Ohio lawmakers may allow larger cities to create “ entertainment districts” where open alcohol container laws would not apply — similar to the French Quarter in New Orleans and Fourth Street Live in Louisville.
The bill, if passed, would apply to any city of more than 50,000 residents, meaning in the Miami Valley, Dayton, Kettering, Hamilton and Springfield could create an open-container zone.
One area that meets the criteria for an “entertainment district” is Dayton’s Oregon Historic District.
But any such district — assuming the law passes — would have to be approved by city leaders, and some members of the Dayton City Commission are already aware of opposition.
“We wouldn’t do anything in Oregon unless the businesses and the residents are completely comfortable,” City Commissioner Nan Whaley said. “We’ve gotten to a really good place in the Oregon District, so the commission wouldn’t be interested unless they came together.”
Mike Martin, president of the Oregon District Business Association, says the exemption would not work on Fifth Street because of its proximity to the district’s residential area.
“It sounds good on the outset, but it creates a 24-7 party district that is not good for the neighborhood,” he said. “I think it would attract people who walk around drunk all day.”
In Ohio’s larger cities, the change could allow open containers in Cincinnati’s Over-the-Rhine historic neighborhood and The Banks as well as the Arena District in Columbus.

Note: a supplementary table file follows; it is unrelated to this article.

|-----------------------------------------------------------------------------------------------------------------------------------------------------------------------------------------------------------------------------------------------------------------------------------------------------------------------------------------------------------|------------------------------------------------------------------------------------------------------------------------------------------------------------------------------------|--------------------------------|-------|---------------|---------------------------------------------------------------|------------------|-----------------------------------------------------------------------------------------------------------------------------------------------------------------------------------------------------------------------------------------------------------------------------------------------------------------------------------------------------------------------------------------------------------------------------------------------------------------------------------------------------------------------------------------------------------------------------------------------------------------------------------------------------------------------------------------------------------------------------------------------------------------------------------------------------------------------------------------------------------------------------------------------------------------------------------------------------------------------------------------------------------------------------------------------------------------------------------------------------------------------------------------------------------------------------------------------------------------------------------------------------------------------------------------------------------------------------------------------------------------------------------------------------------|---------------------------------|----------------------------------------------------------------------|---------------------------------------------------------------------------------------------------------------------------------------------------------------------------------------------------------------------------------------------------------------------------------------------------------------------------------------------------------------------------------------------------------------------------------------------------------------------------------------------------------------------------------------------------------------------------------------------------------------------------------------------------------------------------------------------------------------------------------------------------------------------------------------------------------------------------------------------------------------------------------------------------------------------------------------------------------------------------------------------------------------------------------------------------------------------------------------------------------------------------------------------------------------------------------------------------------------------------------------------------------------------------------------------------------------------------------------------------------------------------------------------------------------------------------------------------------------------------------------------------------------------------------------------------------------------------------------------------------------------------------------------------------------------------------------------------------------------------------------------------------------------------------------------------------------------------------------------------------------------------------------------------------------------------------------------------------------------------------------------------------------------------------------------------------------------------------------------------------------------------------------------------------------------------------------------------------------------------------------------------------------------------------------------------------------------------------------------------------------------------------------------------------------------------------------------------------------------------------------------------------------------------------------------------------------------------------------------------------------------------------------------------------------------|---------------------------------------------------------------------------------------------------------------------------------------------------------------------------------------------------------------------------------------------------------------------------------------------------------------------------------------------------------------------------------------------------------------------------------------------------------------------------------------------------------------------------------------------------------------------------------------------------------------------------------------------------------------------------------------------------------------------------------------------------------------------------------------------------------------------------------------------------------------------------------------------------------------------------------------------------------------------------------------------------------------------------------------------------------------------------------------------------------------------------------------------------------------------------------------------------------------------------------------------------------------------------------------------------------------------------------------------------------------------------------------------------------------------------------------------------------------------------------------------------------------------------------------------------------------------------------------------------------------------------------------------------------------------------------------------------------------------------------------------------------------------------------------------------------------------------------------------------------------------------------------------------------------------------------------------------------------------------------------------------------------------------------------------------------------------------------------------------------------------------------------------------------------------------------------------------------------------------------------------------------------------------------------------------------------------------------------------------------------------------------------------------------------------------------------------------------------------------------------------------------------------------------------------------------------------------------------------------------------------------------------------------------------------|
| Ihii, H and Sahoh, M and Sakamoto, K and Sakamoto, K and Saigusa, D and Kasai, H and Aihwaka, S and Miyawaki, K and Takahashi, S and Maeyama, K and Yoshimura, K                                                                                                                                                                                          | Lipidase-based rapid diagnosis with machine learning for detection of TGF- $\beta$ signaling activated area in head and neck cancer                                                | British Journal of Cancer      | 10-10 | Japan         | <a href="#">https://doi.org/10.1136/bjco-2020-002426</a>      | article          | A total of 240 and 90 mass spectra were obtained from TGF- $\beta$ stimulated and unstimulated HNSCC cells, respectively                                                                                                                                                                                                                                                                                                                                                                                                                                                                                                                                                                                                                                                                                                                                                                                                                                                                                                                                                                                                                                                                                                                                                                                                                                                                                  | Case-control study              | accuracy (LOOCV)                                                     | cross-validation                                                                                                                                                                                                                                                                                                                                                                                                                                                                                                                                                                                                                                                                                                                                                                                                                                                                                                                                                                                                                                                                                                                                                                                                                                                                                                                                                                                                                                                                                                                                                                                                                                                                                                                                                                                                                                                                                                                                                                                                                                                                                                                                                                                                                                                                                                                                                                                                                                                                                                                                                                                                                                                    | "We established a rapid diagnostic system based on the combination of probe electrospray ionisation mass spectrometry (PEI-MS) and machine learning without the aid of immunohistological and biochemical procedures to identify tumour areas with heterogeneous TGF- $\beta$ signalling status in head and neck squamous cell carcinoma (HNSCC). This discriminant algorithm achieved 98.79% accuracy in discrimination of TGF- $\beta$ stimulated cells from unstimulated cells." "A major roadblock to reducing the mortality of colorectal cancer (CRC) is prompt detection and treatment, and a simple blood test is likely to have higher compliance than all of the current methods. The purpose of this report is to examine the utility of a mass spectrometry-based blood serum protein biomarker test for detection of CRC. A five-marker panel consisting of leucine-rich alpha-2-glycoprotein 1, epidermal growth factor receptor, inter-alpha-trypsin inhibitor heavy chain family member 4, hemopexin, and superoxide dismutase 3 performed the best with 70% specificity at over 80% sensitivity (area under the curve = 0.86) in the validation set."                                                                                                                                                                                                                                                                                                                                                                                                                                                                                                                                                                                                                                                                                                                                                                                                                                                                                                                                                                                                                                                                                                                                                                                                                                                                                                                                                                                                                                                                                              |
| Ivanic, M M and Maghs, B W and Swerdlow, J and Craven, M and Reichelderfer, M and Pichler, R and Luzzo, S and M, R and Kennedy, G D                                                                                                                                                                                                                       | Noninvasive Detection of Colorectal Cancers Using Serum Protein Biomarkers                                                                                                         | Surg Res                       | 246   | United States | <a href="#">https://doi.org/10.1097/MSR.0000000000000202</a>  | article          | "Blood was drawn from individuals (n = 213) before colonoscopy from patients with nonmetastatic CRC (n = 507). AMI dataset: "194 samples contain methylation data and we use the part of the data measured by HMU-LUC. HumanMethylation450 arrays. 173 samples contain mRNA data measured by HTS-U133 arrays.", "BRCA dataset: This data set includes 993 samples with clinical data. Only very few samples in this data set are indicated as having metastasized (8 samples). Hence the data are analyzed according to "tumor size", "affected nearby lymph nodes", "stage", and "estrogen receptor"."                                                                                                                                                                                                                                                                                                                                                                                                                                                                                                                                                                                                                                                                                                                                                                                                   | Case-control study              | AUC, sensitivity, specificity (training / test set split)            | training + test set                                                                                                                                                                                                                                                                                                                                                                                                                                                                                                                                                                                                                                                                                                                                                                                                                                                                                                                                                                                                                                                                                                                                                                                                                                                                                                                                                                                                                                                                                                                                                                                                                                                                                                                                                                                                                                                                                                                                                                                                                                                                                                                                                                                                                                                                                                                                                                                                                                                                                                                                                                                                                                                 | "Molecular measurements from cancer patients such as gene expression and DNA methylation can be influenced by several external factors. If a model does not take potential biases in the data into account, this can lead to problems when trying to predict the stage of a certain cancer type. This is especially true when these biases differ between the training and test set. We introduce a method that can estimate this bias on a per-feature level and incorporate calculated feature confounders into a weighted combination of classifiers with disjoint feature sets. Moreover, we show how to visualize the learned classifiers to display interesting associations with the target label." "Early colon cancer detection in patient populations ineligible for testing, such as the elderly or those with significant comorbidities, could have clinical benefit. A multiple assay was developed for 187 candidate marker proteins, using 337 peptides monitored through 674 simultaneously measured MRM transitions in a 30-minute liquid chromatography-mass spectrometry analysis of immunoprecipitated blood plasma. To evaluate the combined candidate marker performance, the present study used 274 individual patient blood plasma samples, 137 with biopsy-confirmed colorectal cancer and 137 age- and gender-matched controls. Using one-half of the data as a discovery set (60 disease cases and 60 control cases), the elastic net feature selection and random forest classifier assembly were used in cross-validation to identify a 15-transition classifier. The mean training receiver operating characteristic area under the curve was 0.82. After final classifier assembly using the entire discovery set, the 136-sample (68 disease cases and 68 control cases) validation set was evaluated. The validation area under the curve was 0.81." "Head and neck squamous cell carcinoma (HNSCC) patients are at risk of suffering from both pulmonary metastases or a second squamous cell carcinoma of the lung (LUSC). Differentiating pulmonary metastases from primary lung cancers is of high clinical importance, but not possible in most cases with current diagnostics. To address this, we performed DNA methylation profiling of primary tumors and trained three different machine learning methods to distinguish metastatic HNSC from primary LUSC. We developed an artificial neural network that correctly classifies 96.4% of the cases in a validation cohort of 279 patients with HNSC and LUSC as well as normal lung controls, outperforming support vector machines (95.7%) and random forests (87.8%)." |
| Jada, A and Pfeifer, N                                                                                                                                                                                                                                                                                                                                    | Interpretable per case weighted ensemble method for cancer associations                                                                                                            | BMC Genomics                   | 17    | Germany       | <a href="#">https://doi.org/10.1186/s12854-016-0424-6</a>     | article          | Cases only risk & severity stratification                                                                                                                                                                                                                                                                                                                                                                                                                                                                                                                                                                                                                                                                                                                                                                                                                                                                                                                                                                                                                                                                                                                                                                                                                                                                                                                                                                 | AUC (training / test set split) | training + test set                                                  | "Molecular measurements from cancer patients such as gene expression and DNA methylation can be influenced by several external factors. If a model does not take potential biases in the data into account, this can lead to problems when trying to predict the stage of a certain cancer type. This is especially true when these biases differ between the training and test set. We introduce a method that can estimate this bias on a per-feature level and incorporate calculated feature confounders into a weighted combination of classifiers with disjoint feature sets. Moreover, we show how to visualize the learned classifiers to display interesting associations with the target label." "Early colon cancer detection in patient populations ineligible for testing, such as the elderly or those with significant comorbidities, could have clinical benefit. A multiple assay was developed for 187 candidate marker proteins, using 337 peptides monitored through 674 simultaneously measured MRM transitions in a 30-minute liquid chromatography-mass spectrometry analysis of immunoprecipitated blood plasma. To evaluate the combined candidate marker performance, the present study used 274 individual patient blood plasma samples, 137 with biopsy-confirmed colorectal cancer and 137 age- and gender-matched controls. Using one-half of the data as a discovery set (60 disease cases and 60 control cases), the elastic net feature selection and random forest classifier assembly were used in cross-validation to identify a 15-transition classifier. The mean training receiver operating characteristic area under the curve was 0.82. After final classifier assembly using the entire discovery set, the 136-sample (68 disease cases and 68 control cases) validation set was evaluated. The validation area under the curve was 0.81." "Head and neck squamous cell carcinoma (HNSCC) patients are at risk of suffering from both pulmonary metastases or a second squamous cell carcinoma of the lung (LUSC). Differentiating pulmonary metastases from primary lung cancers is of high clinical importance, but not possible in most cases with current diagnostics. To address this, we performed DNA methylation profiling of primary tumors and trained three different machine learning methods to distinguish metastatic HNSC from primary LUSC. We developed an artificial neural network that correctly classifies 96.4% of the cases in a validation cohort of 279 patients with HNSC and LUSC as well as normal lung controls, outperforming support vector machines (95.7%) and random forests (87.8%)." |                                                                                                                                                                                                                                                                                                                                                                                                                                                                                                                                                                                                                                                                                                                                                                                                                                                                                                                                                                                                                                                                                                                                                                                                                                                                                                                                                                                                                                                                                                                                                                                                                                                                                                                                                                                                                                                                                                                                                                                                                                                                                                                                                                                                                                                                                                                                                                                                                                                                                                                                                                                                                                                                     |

Bill sponsor Sen. Eric Kearney, D-Cincinnati, said cities could decide where and when patrons can carry open containers. For example, he said, Beale Street in Memphis is a regular street until after 6 p.m., when open containers are allowed.
“It’s not making alcohol more available, just determining where one drinks it,” Kearney said.
Kearney, the Senate minority leader, said the idea came from his younger staffers and said it would create excitement and bring vitality to downtown areas. An area is eligible if four or more bars, wineries or restaurants with liquor licenses are established within 1/4 square mile zone. Kearney said he could see the idea working well in the Oregon District or around Fifth Third Field.
Dayton resident Nick Frazier, who calls himself a “frequent flier” at Oregon District bars, thinks the idea would be fun and would help the Oregon District, with limitations.
“I definitely think it’s a good idea,” Frazier said. “It would definitely draw more people, more revenue. But there would have to be an increase in security. I think it should be strictly a weekend idea — like Friday and Saturday only, and the street is shut down to cars.”
Longtime Oregon District homeowner Kaye Carlisle said she’s very opposed to the proposal, saying residents have engaged in a constant battle to keep bar-goers from overwhelming their residential streets.
“I mean, it is a neighborhood. There are families here,” Carlisle said. “We do notice a difference on the weekend. There are lots of beer cans and bottles in our yard. And if something like this goes through, the problem will become threefold.”
Dayton Deputy Police Chief Robert Chabali said he understands Oregon District residents’ concerns about the potential for increased litter and drunkenness, adding that Dayton Police don’t have extra resources to deal with consistent large crowds.